What Is Embeda (Morphine and Naltrexone)?

Embeda is a brand-name drug that is a combination of the opioid pain reliever morphine and naltrexone. The FDA approved the currently available version of Embeda in 2014, and it’s the only extended-release morphine drug of its kind. Embeda is intended to be prescribed to manage pain that’s severe and around-the-clock. It’s a long-term pain medication. Embeda is for use when non-opioid, or immediate-release opioids aren’t providing enough pain relief to patients, or they can’t handle these medications. Embeda isn’t intended for acute or as-needed pain management. The naltrexone is included in the Embeda formulation as a misuse-deterrent, although this inclusion doesn’t completely eliminate the risk of misuse. Naltrexone is believed to reduce or eliminate the euphoric effects of Embeda if it’s misused. Naltrexone can also trigger sudden withdrawal symptoms of someone who’s addicted to opioids. Naltrexone is classified as an opioid antagonist, meaning it works in the brain to prevent opioid effects. It can also reduce cravings for opioids in people going through withdrawal.

The naltrexone in Embeda is called sequestered naltrexone. When Embeda is used as directed and prescribed, the morphine is released into the system of the individual. The naltrexone then goes through the gastrointestinal tract but isn’t absorbed. Theoretically, when used as prescribed, the naltrexone would not affect the individual. However, if someone were to crush or chew the capsules, the naltrexone could reverse the effects of the morphine. The naltrexone in Embeda is encased in a specialized film that isn’t digested. However, it breaks open when there is a physical disruption to the morphine pellets. The effects of Embeda may be less appealing than with other opioid drugs, but that appeal may not disappear altogether.

The primary difference between Embeda and other extended-release versions of morphine is the misuse-deterrent naltrexone. Other extended-release versions of morphine that don’t contain naltrexone include Avinza and MS Contin. Embeda is available in a variety of strengths starting at 8 mg and going up to 100 mg. Embeda is usually taken every 24 hours for continual pain treatment. Despite the inclusion of misuse-deterring naltrexone, there are risks associated with the use of Embeda. This medication shouldn’t be prescribed to people with a history of drug misuse or mental health disorders. There is also a risk of overdose associated with the use of Embeda. Common possible side effects of Embeda can include nausea, vomiting, constipation, dizziness, drowsiness and abdominal pain.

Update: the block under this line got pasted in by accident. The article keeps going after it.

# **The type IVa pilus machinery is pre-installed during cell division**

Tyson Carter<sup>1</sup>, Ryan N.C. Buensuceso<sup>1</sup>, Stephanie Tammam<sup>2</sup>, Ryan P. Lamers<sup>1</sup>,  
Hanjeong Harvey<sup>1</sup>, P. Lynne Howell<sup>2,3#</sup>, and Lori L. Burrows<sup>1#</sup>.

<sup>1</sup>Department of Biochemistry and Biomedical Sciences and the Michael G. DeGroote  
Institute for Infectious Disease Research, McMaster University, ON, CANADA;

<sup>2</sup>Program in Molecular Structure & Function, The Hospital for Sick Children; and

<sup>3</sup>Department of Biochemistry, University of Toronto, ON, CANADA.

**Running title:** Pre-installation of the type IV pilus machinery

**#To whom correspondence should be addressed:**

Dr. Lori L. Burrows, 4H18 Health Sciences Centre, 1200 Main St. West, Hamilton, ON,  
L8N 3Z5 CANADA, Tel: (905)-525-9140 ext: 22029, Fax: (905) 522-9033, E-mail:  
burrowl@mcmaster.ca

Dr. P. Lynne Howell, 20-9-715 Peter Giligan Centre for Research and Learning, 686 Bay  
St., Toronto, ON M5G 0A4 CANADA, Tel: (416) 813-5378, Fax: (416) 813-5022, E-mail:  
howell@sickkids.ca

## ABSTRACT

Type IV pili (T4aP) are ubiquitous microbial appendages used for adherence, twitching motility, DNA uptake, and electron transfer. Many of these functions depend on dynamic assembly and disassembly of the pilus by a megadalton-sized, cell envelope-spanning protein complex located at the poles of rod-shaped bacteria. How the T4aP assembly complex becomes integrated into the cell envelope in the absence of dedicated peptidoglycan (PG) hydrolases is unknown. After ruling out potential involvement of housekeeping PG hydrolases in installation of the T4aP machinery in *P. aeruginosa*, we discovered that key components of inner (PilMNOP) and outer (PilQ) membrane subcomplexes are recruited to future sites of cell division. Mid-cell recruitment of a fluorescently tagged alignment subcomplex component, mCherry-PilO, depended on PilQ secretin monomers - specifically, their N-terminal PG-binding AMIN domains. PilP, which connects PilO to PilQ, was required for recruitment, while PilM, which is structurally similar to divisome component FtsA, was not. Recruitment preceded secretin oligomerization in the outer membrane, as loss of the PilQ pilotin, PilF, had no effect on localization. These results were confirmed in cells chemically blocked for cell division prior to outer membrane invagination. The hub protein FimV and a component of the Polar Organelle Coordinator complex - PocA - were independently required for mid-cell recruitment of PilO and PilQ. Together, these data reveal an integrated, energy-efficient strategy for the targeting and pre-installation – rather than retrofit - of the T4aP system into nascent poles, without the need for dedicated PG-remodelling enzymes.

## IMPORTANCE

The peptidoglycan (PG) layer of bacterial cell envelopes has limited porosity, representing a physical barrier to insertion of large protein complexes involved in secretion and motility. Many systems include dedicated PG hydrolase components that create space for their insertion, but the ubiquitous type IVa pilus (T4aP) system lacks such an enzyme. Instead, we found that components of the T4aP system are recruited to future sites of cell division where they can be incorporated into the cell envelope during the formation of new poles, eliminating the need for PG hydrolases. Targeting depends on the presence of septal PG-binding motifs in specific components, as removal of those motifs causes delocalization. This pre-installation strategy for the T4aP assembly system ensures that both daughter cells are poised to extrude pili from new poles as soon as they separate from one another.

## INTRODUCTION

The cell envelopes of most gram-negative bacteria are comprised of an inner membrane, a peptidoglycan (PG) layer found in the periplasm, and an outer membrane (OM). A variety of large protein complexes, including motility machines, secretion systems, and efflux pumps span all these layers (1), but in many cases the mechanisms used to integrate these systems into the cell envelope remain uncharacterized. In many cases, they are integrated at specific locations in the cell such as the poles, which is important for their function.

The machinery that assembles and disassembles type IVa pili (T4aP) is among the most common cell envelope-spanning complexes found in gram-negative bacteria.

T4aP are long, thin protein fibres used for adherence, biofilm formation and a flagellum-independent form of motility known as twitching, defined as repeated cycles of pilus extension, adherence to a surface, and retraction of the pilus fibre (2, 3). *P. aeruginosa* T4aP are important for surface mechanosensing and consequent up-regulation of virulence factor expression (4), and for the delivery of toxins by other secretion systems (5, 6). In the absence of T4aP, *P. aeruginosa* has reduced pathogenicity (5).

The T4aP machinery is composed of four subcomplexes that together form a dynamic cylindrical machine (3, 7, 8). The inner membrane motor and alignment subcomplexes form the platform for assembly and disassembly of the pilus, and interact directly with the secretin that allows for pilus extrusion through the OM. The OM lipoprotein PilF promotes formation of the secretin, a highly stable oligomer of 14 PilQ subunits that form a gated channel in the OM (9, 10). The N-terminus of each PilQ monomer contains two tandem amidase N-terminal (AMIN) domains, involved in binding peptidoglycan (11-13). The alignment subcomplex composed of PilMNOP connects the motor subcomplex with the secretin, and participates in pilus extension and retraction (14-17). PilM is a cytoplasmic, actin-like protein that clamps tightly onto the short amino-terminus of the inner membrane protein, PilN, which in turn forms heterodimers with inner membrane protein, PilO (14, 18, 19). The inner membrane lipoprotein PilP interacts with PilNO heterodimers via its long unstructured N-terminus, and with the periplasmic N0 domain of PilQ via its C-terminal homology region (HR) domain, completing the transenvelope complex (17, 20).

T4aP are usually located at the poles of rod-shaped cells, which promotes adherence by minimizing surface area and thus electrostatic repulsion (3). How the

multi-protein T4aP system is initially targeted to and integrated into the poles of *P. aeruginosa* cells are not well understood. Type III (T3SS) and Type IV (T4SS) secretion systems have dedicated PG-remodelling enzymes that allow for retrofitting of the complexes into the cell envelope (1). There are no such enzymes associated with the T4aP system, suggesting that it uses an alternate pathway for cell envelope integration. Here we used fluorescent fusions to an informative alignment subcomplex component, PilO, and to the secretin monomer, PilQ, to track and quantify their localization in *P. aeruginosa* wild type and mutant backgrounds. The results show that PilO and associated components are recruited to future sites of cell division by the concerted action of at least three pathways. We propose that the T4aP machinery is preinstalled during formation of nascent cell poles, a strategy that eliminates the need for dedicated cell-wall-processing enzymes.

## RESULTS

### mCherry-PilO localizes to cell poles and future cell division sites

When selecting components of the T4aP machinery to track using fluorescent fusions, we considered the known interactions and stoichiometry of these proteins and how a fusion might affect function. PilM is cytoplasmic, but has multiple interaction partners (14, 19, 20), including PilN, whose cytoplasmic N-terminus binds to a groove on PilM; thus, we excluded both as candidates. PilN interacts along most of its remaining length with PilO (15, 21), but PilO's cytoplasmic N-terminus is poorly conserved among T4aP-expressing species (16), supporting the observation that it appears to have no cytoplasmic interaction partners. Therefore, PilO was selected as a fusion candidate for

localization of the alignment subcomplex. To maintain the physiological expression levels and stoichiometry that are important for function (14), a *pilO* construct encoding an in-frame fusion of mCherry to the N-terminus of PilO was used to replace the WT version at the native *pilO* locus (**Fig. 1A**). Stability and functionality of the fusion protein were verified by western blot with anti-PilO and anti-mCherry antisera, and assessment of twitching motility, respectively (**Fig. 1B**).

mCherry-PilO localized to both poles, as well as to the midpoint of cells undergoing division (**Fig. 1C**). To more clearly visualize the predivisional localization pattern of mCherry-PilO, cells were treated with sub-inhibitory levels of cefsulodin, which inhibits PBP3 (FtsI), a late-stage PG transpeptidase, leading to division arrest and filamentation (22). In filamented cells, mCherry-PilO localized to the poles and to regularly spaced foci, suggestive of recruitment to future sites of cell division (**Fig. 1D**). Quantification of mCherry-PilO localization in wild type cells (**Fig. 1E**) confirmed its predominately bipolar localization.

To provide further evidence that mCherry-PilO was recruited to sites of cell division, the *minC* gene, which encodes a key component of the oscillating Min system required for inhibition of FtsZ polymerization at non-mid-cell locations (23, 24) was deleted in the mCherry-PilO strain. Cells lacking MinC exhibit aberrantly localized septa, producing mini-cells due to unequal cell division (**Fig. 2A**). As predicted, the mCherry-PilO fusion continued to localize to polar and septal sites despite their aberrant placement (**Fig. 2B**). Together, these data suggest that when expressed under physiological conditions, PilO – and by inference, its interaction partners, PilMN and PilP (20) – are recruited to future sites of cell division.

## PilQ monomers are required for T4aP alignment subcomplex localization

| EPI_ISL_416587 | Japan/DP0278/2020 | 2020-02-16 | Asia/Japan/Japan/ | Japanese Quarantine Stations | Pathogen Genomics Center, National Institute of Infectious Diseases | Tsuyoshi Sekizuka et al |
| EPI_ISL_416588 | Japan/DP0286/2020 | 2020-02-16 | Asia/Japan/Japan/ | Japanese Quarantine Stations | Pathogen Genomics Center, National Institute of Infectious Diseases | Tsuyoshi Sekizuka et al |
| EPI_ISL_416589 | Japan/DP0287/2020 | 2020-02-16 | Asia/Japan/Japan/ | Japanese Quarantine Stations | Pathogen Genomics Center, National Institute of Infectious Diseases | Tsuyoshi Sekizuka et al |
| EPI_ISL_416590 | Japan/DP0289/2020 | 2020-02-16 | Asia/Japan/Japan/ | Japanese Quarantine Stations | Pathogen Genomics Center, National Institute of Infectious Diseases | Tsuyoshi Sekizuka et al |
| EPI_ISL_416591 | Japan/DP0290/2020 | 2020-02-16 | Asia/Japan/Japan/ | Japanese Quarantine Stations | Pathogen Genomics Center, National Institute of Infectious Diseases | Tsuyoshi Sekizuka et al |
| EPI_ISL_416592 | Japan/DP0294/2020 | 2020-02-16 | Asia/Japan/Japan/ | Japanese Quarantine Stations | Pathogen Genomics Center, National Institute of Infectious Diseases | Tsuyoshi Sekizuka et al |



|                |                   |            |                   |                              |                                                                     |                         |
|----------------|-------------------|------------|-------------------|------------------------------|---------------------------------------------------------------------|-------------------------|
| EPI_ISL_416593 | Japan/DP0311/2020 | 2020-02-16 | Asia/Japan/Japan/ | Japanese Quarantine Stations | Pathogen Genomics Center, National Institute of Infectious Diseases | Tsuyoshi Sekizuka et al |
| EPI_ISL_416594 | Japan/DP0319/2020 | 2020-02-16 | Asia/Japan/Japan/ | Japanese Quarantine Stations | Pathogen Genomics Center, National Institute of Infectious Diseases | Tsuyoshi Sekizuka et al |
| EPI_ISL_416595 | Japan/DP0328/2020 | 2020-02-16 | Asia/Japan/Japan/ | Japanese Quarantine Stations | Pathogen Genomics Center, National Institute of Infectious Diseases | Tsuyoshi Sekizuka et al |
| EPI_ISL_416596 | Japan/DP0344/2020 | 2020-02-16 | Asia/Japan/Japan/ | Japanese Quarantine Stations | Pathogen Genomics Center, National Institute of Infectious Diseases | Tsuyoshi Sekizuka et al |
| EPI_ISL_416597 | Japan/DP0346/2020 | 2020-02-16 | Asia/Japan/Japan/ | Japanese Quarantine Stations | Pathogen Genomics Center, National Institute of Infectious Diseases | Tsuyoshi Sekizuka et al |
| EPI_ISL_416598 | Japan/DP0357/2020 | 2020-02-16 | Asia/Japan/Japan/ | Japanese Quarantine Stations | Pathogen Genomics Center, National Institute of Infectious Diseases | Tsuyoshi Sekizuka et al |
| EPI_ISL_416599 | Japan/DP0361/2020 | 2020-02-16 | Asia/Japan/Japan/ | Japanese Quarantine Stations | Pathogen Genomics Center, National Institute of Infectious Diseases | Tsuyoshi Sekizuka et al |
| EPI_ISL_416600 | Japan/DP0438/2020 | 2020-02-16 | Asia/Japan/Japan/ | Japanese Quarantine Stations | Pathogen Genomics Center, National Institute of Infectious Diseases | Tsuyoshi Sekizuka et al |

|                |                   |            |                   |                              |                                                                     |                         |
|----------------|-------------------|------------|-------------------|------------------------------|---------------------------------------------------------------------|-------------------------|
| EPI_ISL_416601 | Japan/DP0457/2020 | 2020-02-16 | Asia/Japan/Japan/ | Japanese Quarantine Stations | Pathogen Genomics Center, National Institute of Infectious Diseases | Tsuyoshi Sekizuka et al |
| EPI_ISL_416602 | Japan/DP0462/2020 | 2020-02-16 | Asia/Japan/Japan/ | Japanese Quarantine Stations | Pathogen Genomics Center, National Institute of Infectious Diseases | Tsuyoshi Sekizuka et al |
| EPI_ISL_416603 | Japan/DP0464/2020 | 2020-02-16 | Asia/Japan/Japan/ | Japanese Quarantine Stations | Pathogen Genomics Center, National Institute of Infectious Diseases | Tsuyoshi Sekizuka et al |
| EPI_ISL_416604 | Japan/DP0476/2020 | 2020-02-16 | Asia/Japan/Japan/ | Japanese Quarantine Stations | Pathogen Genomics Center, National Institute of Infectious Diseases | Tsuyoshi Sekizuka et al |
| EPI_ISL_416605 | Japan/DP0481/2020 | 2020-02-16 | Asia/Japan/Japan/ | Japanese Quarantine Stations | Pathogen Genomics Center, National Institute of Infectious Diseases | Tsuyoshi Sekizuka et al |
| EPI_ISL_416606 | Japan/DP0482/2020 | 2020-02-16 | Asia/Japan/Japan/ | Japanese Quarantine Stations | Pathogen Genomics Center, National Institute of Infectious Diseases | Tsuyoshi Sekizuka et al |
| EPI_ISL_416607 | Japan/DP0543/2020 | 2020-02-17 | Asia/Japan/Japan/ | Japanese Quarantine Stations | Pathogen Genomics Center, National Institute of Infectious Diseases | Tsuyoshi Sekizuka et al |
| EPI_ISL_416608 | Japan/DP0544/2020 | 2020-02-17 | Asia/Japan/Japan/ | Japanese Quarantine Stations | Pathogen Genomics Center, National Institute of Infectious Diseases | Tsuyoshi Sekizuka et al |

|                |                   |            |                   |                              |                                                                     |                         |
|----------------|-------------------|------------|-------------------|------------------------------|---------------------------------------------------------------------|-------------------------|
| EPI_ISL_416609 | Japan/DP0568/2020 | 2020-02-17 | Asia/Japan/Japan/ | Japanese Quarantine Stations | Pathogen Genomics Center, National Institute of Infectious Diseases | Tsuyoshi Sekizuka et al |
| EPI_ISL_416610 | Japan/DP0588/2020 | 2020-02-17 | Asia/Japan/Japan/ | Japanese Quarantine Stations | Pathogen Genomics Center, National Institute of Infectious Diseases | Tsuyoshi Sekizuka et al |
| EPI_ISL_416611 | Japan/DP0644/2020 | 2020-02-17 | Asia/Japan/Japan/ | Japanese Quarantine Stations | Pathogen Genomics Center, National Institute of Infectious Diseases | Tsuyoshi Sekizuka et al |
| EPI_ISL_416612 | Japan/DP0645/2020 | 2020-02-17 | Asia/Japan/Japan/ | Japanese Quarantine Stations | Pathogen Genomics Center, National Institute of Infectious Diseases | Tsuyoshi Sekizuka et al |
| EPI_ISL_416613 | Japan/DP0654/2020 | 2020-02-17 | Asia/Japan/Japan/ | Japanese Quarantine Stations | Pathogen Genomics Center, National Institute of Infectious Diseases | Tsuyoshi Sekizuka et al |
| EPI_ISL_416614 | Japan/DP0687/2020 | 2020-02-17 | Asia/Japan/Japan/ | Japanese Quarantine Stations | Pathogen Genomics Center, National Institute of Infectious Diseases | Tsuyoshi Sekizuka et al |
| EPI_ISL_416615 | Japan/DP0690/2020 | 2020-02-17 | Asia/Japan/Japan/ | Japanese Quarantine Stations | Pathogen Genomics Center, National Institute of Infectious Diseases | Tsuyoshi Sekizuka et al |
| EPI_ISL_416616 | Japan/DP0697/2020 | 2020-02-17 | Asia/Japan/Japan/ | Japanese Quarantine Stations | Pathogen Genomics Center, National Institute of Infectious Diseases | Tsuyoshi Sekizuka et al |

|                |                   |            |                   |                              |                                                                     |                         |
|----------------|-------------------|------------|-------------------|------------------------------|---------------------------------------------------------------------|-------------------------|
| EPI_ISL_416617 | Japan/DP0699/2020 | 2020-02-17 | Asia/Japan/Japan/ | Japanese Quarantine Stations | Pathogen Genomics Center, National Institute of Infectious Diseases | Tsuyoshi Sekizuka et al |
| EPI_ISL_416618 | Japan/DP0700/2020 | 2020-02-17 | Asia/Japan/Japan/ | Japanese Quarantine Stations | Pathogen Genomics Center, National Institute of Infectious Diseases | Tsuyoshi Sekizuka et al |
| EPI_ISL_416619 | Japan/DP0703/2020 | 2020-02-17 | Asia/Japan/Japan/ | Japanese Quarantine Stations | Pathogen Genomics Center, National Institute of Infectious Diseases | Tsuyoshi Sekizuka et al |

What Does Embeda Look Like?

Embeda comes in capsule form, as is the case with most controlled-release and extended-release drugs. The capsules are different colors, based on the dosage. The following are the available Embeda dosages and a description of what they look like:

  • Embeda 20 mg: This capsule is yellow and is printed with Embeda 20.
  • Embeda 30 mg: This is a purple capsule, printed with Embeda 30.
  • Embeda 50 mg: The 50 mg Embeda capsule is blue and printed with Embeda 50.

Embeda 60 mg is a red capsule and is printed with Embeda and 60. An 80 mg dosage is peach-colored, and a 100 mg dose of Embeda is green. The amount of naltrexone is each dosage varies depending on the morphine strength.

Is Embeda Addictive?

Morphine is a powerful opioid pain reliever. Opioids are highly addictive drugs. The opioid drug class includes prescription pain medications as well as heroin. These drugs bind to specific receptors and can create a sense of euphoria in the individual. That then creates a pleasure and reward response, and a reinforcement response in the brain. These effects lead to addiction. Morphine on its own is very addictive as a result of the way it affects the brain. The theory is that since Embeda contains naltrexone and is designed to lower the risk of intranasal and oral misuse, the potential to become addicted is lower. However, despite the misuse-deterrent properties of Embeda, the risk of addiction isn’t altogether gone. Any opioid product, including anything with morphine, has the potential for misuse and addiction.

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Medical Disclaimer

The Recovery Village aims to improve the quality of life for people struggling with substance use or mental health disorder with fact-based content about the nature of behavioral health conditions, treatment options and their related outcomes. We publish material that is researched, cited, edited and reviewed by licensed medical professionals. The information we provide is not intended to be a substitute for professional medical advice, diagnosis or treatment. It should not be used in place of the advice of your physician or other qualified healthcare providers.